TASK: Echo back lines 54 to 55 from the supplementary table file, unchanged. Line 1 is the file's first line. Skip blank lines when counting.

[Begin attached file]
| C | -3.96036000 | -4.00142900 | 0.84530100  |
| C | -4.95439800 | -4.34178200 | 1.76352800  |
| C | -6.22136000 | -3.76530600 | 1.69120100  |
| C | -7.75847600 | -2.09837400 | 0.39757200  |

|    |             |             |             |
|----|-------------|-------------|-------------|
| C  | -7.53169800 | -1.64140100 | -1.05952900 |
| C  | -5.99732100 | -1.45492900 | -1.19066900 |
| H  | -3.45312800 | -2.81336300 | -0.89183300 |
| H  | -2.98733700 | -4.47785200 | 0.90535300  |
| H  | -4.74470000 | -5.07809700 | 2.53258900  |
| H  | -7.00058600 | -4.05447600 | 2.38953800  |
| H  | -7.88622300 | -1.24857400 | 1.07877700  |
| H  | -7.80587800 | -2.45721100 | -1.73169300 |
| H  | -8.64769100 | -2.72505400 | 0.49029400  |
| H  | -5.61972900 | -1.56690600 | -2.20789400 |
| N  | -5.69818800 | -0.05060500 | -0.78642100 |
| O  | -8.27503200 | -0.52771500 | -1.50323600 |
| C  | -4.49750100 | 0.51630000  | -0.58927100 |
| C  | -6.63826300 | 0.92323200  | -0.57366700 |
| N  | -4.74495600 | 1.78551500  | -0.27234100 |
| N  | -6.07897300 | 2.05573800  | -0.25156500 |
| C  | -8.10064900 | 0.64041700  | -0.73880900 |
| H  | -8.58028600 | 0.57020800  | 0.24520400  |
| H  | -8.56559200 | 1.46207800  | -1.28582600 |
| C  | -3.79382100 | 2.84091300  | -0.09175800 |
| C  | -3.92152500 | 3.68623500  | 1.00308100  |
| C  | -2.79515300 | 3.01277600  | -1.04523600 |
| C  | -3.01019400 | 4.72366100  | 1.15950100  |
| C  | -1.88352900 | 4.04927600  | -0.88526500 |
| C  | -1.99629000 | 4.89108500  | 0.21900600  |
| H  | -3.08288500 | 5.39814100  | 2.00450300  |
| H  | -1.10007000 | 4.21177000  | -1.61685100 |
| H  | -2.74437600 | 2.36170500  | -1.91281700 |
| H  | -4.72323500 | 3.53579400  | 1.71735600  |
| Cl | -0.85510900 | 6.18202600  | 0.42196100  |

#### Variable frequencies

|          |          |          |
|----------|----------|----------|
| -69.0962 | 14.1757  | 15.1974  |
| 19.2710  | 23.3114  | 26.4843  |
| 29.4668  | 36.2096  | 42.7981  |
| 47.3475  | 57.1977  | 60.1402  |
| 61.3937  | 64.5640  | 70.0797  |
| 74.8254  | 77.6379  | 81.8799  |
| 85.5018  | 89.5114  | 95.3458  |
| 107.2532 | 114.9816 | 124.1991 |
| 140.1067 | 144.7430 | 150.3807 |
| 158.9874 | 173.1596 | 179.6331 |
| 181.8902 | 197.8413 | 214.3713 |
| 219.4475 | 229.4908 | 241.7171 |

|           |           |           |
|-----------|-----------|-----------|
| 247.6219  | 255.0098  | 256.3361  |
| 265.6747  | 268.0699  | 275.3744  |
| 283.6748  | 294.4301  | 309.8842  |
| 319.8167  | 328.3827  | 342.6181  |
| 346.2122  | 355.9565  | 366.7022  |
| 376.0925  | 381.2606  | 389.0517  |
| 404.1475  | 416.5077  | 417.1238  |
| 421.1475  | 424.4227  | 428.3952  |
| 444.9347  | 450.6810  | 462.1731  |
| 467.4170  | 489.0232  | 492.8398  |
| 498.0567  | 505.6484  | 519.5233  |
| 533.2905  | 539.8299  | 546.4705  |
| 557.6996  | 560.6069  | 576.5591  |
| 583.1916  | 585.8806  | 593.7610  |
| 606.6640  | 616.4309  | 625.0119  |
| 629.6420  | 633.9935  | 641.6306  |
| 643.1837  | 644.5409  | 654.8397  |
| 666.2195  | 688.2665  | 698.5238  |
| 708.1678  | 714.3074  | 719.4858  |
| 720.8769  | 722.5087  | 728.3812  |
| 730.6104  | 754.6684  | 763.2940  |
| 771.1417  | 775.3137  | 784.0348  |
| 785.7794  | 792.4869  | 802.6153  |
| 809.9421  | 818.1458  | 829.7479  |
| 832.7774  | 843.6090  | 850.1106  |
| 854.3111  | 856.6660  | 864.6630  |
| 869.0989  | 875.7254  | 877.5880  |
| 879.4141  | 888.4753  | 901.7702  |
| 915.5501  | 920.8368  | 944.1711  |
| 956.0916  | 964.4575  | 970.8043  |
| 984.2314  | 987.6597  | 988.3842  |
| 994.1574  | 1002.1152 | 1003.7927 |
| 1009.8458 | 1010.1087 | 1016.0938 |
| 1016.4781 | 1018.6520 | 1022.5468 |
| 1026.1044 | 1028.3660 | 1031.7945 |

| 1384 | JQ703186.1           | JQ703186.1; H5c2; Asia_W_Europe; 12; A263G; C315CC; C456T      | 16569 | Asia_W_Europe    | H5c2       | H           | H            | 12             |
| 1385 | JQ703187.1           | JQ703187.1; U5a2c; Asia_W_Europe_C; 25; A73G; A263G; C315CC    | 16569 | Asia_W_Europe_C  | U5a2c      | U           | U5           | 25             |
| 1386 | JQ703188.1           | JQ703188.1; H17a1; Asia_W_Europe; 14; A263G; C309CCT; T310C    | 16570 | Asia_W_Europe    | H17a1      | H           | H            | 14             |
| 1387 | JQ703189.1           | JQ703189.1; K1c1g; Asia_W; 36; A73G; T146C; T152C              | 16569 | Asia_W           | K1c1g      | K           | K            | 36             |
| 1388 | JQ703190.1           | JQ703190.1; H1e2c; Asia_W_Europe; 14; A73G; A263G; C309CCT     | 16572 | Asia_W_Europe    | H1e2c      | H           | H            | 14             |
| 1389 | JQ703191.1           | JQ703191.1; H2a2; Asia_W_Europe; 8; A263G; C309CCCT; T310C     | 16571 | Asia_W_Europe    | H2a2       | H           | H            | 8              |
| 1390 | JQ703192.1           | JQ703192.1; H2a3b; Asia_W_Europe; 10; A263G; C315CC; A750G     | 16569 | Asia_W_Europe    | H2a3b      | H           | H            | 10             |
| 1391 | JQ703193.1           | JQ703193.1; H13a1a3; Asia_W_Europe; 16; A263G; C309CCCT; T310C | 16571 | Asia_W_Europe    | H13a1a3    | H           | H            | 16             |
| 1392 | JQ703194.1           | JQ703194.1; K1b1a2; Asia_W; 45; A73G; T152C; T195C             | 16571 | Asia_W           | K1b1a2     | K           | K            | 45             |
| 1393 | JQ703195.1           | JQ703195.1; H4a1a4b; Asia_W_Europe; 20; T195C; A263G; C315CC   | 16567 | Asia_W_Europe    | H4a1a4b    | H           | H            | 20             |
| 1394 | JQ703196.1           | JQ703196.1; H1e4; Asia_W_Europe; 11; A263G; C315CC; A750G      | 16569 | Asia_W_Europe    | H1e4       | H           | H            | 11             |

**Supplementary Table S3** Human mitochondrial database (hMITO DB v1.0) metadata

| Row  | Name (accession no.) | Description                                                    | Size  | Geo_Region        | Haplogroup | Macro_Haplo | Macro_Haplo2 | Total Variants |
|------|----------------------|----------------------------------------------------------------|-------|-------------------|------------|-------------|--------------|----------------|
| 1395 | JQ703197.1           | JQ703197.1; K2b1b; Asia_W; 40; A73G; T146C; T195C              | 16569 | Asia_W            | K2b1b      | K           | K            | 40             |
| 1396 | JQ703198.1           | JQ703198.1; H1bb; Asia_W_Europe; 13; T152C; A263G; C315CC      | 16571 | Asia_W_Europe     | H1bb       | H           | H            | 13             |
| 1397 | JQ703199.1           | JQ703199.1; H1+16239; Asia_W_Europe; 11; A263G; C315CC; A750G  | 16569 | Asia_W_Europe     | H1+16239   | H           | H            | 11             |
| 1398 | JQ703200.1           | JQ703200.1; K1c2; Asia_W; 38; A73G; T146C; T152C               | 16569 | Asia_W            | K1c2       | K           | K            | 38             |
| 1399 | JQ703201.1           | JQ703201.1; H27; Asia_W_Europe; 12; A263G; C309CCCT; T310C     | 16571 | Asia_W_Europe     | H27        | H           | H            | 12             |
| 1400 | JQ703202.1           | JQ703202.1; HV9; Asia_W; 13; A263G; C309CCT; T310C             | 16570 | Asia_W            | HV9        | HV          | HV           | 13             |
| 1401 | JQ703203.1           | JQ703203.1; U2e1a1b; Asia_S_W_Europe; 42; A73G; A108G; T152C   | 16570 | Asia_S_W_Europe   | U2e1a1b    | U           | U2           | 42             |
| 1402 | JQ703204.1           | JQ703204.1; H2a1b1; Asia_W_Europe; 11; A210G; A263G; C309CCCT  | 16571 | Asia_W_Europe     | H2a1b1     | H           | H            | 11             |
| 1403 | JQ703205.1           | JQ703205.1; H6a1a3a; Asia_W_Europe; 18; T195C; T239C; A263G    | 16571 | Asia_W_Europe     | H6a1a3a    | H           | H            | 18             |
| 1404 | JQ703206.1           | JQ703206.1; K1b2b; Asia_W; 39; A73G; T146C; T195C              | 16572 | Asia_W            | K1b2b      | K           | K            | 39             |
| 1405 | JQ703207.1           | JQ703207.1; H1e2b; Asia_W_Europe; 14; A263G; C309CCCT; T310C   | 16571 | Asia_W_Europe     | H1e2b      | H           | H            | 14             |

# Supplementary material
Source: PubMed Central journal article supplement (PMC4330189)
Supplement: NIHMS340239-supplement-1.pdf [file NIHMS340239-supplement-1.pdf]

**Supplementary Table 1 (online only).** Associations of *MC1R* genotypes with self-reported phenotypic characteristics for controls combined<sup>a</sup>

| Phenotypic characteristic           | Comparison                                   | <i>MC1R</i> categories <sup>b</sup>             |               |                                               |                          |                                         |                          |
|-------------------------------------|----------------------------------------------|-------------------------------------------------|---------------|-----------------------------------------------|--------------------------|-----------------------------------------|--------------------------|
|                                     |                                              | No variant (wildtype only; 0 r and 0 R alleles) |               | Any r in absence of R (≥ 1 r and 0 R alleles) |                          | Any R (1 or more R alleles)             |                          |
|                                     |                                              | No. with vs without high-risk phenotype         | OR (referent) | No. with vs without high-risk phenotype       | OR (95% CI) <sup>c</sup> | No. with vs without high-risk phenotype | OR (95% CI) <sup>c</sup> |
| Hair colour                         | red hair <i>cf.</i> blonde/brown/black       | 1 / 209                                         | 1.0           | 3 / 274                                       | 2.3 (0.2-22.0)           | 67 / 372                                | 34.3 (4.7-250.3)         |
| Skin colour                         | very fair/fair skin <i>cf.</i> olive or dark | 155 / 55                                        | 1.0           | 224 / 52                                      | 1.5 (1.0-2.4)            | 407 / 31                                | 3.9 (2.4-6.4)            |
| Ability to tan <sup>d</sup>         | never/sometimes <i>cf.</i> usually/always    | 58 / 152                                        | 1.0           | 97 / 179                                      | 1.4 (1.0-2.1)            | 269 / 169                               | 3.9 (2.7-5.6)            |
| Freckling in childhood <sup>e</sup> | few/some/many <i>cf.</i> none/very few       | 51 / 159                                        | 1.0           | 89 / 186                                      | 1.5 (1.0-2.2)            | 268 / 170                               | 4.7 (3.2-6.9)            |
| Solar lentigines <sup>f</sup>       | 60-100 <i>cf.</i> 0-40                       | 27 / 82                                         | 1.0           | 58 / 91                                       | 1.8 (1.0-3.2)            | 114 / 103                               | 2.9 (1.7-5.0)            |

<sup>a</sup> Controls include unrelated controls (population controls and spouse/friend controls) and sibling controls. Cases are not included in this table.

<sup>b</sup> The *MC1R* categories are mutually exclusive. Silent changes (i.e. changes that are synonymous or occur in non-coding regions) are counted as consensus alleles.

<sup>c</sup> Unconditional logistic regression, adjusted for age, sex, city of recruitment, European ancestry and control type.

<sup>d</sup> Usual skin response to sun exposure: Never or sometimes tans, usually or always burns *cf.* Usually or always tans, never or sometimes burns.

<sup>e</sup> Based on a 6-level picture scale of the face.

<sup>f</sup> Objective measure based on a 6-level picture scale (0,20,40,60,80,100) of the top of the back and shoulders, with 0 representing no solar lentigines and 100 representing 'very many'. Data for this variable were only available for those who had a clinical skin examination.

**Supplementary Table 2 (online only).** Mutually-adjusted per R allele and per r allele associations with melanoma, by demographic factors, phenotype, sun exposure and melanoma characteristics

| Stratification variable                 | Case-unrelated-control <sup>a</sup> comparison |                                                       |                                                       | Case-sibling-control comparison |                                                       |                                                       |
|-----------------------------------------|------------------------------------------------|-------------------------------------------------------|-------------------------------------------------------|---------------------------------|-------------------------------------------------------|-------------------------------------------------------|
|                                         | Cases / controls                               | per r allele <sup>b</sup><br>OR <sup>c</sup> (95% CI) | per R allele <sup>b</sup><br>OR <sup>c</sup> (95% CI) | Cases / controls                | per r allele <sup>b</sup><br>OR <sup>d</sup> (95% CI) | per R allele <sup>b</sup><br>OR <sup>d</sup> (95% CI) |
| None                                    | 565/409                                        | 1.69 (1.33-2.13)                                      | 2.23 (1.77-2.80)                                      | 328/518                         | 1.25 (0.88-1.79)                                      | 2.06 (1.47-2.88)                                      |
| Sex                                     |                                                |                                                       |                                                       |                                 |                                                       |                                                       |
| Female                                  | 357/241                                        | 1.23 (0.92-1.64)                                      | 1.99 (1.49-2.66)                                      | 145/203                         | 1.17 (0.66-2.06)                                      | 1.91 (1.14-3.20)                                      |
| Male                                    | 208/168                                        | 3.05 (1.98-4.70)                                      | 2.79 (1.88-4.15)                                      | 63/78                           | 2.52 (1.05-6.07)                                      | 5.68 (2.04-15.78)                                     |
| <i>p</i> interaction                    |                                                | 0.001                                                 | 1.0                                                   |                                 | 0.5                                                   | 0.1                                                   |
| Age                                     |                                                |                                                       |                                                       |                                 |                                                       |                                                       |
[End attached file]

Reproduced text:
| 247.6219  | 255.0098  | 256.3361  |
| 265.6747  | 268.0699  | 275.3744  |